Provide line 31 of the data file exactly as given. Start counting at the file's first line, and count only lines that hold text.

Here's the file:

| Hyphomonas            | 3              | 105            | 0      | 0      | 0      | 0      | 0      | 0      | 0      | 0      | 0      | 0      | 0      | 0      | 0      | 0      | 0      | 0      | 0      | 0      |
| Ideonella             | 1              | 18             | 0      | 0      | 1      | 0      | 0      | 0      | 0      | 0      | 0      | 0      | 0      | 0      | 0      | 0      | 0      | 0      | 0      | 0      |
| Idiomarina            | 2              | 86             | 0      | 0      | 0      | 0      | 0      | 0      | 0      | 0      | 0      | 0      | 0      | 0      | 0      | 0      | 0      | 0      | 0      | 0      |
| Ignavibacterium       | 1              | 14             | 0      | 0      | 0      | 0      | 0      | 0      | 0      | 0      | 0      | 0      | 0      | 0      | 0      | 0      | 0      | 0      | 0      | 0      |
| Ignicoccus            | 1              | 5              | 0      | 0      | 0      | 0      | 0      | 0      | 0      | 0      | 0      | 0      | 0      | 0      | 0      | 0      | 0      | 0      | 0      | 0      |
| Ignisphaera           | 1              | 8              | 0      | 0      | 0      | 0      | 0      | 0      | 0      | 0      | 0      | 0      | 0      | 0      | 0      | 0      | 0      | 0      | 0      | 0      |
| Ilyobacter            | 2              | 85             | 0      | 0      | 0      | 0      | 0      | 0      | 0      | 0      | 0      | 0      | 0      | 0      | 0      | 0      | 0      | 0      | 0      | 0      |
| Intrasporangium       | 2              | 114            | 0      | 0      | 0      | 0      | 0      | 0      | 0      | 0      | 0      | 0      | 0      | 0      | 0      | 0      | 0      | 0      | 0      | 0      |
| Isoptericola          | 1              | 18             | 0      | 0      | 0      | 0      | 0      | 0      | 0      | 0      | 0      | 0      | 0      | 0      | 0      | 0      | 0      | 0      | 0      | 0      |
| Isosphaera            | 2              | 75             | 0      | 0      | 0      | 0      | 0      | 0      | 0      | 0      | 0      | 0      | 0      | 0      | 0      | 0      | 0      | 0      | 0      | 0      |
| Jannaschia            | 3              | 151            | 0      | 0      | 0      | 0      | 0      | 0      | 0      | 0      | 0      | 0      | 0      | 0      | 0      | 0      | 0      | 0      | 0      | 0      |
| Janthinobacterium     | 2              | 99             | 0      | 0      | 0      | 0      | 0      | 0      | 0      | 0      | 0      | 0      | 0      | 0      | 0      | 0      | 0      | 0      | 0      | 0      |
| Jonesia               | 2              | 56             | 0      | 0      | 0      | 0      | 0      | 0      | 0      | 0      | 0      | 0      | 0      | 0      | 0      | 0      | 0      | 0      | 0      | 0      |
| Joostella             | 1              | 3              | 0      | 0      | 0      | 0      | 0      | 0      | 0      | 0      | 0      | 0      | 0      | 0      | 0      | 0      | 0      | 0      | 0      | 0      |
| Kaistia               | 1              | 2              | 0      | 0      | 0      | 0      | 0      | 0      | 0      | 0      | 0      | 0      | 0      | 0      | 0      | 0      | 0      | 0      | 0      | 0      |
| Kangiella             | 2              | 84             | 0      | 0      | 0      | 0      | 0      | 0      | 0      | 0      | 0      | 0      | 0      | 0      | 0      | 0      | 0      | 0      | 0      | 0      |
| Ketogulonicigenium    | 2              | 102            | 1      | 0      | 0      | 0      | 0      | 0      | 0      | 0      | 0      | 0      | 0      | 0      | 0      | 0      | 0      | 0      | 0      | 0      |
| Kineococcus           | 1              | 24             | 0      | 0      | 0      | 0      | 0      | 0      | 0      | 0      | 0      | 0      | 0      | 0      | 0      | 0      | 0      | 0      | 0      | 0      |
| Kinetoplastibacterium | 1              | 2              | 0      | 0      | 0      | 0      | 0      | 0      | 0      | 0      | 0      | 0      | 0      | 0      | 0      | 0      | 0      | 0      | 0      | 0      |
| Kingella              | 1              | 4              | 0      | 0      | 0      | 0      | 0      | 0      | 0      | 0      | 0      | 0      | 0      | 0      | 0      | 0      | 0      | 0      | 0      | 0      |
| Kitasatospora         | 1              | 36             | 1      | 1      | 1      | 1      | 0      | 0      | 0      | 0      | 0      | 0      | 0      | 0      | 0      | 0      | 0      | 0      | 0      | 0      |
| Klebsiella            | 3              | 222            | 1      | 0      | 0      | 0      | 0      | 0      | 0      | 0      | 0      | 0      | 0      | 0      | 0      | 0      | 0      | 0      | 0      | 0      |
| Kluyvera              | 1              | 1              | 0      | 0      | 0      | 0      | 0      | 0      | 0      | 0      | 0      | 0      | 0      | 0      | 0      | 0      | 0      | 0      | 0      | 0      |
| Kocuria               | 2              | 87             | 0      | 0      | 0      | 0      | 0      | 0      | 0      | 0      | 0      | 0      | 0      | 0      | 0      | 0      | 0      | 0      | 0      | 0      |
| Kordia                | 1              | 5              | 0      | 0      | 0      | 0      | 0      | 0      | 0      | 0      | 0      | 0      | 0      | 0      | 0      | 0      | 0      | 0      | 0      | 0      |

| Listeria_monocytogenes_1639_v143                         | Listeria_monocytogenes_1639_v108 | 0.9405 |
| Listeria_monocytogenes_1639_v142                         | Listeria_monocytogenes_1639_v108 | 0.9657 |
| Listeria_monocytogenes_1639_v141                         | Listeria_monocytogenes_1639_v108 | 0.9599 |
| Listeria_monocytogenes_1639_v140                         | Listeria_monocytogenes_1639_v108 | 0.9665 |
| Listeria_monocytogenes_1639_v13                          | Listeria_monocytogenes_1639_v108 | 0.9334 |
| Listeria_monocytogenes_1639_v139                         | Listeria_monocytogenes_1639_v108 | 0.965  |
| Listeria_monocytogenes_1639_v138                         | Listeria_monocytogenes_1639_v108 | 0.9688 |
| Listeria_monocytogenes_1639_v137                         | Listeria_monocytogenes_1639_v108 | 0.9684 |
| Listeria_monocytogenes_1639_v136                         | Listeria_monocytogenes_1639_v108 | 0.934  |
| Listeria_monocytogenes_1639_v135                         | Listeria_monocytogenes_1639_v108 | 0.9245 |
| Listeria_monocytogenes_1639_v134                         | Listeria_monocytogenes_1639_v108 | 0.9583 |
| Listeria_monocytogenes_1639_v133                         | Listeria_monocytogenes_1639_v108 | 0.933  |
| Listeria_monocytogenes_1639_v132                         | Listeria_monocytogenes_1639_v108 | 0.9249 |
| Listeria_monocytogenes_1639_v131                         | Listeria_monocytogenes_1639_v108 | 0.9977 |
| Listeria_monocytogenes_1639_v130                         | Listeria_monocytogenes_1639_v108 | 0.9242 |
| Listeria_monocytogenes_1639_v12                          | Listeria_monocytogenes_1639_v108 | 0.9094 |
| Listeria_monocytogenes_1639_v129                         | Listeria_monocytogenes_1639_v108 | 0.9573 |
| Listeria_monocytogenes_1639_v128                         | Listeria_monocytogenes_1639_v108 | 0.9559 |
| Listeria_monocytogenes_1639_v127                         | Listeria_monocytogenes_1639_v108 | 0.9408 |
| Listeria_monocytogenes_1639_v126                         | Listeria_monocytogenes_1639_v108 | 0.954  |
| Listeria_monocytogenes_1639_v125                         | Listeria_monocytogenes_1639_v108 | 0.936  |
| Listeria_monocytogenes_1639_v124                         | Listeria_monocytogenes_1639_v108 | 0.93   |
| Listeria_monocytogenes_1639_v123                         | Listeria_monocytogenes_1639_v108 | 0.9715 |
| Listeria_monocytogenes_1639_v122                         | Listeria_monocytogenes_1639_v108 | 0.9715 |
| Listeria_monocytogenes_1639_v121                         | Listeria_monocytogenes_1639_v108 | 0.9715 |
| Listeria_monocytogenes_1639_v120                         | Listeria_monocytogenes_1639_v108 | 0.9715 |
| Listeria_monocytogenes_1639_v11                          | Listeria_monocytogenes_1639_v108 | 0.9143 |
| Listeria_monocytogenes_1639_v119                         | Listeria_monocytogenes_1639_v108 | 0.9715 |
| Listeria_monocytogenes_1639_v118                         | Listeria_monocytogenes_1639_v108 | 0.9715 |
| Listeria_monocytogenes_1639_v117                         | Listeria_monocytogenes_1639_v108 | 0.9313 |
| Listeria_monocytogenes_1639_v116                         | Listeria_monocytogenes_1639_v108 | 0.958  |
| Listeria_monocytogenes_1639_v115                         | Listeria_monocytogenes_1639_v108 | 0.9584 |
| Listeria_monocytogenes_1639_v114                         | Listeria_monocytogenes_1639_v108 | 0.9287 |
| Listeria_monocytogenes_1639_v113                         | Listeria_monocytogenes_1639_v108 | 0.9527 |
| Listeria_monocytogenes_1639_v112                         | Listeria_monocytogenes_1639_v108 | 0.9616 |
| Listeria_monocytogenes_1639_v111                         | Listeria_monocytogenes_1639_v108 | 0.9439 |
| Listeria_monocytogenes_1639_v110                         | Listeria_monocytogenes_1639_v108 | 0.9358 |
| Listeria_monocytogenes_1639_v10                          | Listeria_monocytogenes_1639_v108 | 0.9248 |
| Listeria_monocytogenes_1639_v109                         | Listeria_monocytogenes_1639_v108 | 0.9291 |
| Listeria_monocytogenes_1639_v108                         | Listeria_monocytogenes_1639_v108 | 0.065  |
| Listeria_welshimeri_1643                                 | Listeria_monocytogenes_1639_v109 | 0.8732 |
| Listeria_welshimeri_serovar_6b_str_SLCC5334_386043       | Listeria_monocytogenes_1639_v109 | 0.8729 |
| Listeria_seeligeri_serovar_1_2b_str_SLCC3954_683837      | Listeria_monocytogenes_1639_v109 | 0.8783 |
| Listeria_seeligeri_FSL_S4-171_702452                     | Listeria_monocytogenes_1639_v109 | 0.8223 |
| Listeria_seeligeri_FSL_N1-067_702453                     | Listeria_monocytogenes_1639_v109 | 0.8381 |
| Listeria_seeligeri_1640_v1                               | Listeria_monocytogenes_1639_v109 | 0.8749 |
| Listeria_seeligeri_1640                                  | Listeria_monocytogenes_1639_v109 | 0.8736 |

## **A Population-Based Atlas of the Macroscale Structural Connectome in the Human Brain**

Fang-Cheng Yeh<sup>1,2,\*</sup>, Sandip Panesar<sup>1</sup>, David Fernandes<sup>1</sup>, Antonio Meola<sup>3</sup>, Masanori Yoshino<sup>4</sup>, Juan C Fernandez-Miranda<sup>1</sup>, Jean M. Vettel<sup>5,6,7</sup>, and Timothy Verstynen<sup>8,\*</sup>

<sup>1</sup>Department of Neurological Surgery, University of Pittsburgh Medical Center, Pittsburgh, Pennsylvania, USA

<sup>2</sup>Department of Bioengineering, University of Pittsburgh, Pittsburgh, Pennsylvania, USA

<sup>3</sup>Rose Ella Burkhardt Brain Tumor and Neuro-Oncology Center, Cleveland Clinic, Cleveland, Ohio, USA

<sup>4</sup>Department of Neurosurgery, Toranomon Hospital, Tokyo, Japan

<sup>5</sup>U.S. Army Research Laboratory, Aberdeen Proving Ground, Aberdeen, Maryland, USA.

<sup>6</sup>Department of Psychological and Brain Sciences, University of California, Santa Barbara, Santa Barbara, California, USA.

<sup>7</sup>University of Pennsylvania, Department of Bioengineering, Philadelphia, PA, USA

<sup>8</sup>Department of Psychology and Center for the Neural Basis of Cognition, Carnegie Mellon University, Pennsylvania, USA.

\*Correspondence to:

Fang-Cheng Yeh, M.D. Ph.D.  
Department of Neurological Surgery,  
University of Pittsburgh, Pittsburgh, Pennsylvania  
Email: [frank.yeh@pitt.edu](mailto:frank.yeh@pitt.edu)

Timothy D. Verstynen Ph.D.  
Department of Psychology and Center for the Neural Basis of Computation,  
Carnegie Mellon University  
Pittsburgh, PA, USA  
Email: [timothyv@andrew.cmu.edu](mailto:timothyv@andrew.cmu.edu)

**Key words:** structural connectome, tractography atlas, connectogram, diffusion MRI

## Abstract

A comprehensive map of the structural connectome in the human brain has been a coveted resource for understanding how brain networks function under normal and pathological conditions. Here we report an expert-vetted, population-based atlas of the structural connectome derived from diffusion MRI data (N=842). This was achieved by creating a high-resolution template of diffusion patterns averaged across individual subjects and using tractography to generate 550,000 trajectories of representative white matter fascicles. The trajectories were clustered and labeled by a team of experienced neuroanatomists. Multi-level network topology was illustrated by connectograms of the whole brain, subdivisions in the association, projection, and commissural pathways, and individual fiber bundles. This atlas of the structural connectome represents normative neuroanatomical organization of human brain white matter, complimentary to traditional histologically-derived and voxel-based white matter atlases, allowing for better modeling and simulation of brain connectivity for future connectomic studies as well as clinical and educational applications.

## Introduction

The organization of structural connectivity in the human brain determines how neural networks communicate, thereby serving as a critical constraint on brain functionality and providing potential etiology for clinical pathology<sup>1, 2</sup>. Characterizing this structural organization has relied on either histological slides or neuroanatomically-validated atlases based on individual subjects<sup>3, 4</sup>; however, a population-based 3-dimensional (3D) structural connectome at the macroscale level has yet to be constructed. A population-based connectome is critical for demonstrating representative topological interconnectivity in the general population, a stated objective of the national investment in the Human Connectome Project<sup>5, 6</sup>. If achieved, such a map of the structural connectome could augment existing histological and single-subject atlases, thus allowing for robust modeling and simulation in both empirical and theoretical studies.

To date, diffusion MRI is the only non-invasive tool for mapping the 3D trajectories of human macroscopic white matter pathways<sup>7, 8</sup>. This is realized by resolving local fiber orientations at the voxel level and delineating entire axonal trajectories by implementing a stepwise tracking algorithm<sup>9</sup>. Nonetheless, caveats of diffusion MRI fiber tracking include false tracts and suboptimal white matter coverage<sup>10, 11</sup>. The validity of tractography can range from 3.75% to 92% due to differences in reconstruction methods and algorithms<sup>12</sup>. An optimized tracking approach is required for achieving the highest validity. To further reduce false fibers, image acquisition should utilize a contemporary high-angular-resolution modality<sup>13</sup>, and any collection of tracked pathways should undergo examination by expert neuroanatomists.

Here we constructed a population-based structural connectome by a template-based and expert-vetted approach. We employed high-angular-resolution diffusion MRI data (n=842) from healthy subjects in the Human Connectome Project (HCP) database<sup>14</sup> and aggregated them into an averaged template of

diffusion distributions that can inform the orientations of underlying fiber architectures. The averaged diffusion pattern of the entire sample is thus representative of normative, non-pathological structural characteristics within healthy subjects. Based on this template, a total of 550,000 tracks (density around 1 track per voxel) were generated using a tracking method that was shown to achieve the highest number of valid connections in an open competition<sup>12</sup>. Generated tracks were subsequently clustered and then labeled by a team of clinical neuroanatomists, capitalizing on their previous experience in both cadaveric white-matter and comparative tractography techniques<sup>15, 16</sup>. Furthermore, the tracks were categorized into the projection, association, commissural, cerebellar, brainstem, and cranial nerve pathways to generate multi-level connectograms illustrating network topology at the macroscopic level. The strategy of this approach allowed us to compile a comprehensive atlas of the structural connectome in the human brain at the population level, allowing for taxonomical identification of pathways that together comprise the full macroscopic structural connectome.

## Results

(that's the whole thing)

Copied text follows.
| Listeria_monocytogenes_1639_v139                         | Listeria_monocytogenes_1639_v108 | 0.965  |